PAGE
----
Cambridge Dictionaries online Cambridge Dictionaries online

The most popular online dictionary and thesaurus for learners of English

English definition of “spend”

spend

verb uk   /spend/ (spent, spent) us  

spend verb (MONEY)

A2 [I or T] to give money as a payment for something: How much did you spend? I don't know how I managed to spend so much in the pub last night. We spent a fortune when we were in New York. She spends a lot of money on clothes. We've just spent £1.9 million on improving our computer network. We went on a spending spree (= we bought a lot of things) on Saturday.

spend verb (TIME)

A2 [T] to use time doing something or being somewhere: I think we need to spend more time together. I spent a lot of time cleaning that room. I've spent years building up my collection. I spent an hour at the station waiting for the train. How long do you spend on your homework? My sister always spends ages in the bathroom. We spent the weekend in London. You can spend the night here if you like.

spend verb (FORCE)

[T] to use energy, effort, force, etc., especially until there is no more left: For the past month he's been spending all his energy trying to find a job. They continued firing until all their ammunition was spent (= there was none of it left). The hurricane will probably have spent most of its force (= most of its force will have gone) by the time it reaches the northern parts of the country. Her anger soon spent itself (= stopped).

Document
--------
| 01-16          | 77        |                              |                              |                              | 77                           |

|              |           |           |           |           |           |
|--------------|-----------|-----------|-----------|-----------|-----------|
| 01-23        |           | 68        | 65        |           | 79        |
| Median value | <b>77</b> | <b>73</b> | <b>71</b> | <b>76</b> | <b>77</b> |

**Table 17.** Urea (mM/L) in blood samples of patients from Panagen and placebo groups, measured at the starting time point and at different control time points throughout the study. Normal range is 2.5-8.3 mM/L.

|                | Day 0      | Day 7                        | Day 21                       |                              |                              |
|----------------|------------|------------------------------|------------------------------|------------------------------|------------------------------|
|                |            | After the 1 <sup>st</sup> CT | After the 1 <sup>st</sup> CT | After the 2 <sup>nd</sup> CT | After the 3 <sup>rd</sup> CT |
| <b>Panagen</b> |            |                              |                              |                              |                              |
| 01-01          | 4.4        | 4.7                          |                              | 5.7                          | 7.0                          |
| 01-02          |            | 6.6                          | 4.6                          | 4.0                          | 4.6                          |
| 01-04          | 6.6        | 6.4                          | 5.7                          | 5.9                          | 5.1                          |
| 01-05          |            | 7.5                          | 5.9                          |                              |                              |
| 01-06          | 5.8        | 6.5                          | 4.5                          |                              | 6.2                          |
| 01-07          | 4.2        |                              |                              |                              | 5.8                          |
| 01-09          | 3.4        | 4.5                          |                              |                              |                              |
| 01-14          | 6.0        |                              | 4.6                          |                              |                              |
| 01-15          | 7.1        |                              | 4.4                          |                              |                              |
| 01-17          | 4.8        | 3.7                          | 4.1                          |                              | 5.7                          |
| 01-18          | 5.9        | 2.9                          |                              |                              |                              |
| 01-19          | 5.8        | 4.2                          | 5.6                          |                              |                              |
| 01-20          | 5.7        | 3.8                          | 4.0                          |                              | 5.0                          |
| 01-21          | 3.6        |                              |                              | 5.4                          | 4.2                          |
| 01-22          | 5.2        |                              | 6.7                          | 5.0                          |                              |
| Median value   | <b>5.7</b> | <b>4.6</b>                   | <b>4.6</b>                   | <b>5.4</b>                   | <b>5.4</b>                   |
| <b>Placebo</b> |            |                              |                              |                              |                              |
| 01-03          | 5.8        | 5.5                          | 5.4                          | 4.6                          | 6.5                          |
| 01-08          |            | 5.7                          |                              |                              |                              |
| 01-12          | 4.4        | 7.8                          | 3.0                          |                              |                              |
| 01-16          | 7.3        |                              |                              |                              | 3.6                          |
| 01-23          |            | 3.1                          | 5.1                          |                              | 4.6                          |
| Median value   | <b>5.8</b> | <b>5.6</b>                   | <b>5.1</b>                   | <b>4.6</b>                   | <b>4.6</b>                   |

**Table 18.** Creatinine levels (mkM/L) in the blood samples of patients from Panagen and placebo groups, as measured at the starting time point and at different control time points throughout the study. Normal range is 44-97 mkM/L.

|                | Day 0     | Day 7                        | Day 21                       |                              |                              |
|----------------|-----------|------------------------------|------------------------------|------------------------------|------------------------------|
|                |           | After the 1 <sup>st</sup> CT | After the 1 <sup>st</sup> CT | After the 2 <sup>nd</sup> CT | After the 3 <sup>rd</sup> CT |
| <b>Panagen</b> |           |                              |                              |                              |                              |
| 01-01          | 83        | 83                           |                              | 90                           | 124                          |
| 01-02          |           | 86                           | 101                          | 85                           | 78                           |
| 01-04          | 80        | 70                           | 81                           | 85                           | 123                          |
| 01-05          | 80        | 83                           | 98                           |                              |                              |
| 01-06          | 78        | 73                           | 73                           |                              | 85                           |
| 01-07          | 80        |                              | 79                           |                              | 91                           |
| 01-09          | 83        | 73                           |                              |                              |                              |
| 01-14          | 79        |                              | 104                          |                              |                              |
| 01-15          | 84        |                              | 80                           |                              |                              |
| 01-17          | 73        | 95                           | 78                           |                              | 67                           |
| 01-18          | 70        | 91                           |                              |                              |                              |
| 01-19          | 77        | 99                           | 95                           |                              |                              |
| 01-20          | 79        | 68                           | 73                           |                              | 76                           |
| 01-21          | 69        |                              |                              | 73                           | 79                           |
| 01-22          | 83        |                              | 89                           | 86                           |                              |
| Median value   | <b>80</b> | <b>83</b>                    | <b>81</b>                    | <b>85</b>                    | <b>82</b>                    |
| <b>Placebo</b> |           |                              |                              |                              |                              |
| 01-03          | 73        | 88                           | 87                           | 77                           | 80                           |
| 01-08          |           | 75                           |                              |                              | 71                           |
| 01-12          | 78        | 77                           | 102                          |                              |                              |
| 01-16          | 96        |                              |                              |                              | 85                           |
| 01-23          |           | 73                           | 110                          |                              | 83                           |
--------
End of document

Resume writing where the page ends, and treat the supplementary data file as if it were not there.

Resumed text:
spend

noun [S] uk   /spend/ UK informal us  
the amount of money that is spent on something: The total spend on the project was almost a million pounds.
(Definition of spend from the Cambridge Advanced Learners Dictionary & Thesaurus © Cambridge University Press)
What is the pronunciation of spend?
Add Cambridge dictionaries to your browser to your website

Definitions of “spend” in other dictionaries

Word of the Day

see the light of day

When something sees the light of day, it appears for the first time.

Word of the Day

Highly delighted, bitterly disappointed, ridiculously cheap: adverbs for emphasis.

by Liz Walter,
October 22, 2014
We often make adjectives stronger by putting an adverb in front of them. The most common ones are very and, for a stronger meaning, extremely: He was very pleased. The ship is extremely large. However, we don’t use very or extremely for adjectives that already have a strong meaning, for example fantastic,

Read More 

life tracking noun

October 20, 2014
the use of one or more devices or apps to monitor health, exercise, how time is spent, etc.

Read More